Growth and change are never a bad thing in a band, within reason, of course. Some bands take the experiences of the road and of growing older and use it to forge a new path for themselves, and some use it to hunker down and double up on what makes them great. Wormwitch, a band I have had my eyes on for some time, have opted for the latter on their newest release, Wolf Hex. Their furious blend of black metal, old school thrash and death metal has always been a winning combination, and it is on this release that they seem to have found the winning proportion of everything.
Wolf Hex marks the third full length from the unabashedly Canadian foursome, following up on the excellent (in this writer’s humble opinion) Heaven That Dwells Within. It shouldn’t come as a surprise that Wormwitch began life as a hardcore punk band before quickly disbanding and refocusing themselves towards a grander purpose, “cutting the fat” as the band puts it. There is an unquestionable punk attitude that informs the music Wormwitch creates, certainly, but also the spirit and energy they carry. Wolf Hex was created and recorded by the band in their own studio, and the band engineered the album themselves with the partnership of Tim Creviston. Vocalist Robin Harris also designed the cover art, symbolizing the band’s anti-state, anti-authority and anti-religion stances. The biggest difference between Heaven That Dwells Within and Wolf Hex seems to be the band’s doubling down on their beliefs. Wolf Hex makes no attempt to obscure Wormwitch’s political and spiritual leanings: this is a band that is committed to individuality, independence and the exaltation of the self. It’s the left-hand path the way it was always meant to be.
The other aspect of Wolf Hex that stands out the most to me is how much more…Canadian the sound is, if that makes any sense to anyone. As someone who is not from Canada, I feel like I’m on thin ice already and I don’t want to come off as an authority on the subject, but there is something aesthetically that has changed in the band that I cannot quite put my finger on except to say that it feels more Canadian. Never mind the fact that there is a track on Wolf Hex called “Canadian Denim Mountain Attack,” which 1.) absolutely whips ass, and 2.) might take the cake as the best song title of the year and possibly all time. The whole album feels more wild and untamed than their previous efforts. There is a heavier emphasis on folk and field recordings in the interludes between the songs, lending the impression that one is listening to this album in the middle of the woods. Even when the songs proper kick in, the guitars seem so much more full and spacious, and Harris’s vocals seem much harsher and less refined, more like a man possessed than a musician in a studio. Of course, there is plenty of everything that made me fall in love with Wormwitch in the first place. The thrashy brand of black metal that they have always played has only gotten more refined, maybe with a heavier influence on the old school vibes, with insanely catchy riffs and wild guitar solos that are impossible to keep a straight face toward while listening. Hell, there’s even a Metallica cover to close the album out. Everything about this album feels like a streamlining of the band’s signature sound. If there was any fat left to cut after Heaven That Dwells Within, it’s gone now.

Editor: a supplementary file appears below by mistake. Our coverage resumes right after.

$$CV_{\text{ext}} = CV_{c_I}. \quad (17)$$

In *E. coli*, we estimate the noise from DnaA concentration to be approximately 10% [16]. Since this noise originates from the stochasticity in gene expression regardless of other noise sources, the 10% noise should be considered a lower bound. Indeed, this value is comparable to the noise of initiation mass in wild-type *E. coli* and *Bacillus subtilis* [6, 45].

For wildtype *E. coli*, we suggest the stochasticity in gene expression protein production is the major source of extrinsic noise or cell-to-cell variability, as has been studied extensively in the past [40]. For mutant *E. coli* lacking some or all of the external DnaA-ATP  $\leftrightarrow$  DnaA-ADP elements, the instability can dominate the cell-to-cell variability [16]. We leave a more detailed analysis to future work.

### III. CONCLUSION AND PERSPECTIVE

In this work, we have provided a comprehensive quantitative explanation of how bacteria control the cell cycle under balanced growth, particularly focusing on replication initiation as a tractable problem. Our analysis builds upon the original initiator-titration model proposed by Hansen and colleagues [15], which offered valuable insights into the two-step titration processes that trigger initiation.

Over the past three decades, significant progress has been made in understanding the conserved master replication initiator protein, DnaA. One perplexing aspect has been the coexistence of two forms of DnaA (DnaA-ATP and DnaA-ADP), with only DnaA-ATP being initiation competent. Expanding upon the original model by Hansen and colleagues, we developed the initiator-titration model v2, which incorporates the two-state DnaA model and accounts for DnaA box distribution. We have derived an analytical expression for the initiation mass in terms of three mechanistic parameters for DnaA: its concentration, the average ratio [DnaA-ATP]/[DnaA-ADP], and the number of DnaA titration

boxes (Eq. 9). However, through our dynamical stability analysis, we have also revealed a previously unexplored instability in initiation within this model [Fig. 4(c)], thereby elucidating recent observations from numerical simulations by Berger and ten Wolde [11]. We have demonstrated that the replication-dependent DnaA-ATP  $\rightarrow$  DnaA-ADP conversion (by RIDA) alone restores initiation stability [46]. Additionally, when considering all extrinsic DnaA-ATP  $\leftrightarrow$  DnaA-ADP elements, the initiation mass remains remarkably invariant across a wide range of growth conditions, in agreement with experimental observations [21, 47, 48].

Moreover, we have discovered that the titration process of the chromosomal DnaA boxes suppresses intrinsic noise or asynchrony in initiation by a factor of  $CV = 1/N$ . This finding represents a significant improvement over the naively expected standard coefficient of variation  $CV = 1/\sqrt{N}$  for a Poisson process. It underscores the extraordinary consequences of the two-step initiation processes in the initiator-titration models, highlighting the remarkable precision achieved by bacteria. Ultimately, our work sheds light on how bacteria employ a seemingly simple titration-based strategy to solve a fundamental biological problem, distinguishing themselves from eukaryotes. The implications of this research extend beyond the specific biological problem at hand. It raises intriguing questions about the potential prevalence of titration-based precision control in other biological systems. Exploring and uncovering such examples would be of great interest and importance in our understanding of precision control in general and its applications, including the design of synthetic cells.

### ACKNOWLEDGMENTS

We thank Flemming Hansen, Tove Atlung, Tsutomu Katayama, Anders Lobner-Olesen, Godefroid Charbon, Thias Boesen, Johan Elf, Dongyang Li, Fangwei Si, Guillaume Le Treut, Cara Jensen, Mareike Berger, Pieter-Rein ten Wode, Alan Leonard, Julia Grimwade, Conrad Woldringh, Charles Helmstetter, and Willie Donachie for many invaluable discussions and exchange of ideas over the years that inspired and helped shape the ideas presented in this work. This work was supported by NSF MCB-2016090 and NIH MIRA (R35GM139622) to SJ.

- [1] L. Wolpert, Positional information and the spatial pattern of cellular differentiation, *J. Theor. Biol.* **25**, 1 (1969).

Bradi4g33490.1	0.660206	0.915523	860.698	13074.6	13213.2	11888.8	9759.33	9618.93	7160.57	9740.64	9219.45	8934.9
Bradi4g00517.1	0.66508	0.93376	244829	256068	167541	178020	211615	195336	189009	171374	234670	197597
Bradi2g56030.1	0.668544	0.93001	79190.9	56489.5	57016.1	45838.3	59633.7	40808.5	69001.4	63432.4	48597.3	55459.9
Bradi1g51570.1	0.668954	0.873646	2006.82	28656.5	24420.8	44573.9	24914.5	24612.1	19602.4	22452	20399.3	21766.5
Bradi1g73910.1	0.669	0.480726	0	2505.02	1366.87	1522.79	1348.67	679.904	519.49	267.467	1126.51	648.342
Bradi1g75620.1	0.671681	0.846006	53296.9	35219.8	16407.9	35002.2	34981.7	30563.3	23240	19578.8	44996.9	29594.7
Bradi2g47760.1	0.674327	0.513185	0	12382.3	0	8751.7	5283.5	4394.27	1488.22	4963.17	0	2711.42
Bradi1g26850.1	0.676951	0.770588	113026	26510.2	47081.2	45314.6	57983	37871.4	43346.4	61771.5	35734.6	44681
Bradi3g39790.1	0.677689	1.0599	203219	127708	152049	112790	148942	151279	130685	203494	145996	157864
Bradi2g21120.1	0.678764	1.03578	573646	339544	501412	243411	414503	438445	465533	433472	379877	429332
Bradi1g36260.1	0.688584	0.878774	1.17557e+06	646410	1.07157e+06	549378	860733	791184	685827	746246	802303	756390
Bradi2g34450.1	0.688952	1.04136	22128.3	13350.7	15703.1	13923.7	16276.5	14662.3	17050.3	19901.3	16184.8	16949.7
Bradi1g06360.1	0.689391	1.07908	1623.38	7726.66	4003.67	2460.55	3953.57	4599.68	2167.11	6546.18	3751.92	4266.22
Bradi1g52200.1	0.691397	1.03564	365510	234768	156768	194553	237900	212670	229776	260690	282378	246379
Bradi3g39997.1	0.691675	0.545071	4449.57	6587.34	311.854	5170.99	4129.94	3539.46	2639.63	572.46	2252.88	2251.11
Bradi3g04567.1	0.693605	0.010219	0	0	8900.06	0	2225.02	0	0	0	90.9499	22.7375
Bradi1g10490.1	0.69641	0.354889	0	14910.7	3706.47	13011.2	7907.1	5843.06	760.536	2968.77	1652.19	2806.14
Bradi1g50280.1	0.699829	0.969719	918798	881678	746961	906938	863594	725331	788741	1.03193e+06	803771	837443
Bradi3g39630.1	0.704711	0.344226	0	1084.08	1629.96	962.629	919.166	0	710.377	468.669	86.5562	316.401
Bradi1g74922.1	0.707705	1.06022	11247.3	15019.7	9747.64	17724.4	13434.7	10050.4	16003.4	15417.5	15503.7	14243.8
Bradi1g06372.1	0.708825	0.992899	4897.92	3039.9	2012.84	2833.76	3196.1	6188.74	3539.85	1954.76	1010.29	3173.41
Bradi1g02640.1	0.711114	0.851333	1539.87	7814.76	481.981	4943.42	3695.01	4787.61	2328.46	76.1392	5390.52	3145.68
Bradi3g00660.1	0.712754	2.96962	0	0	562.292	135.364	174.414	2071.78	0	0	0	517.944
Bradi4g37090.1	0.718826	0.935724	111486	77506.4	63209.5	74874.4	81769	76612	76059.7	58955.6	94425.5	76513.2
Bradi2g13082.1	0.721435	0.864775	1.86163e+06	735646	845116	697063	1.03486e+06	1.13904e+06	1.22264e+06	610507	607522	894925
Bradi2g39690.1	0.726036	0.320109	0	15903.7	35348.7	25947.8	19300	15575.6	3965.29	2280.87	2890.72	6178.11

“No mercy, ride or die, Wormwitch will evolve forever.” That’s the mantra of the band, at least. While musically there wasn’t a large shift, Wolf Hex marks a pretty significant change in the tone of the band, and it serves them well. This is an album that I know I am going to be having a lot of fun with, especially with it still being “windows down, volume up” weather. I am hoping that Wolf Hex sees the band get the recognition they deserve, because what they deserve is to be household names in the arena of blackthrash.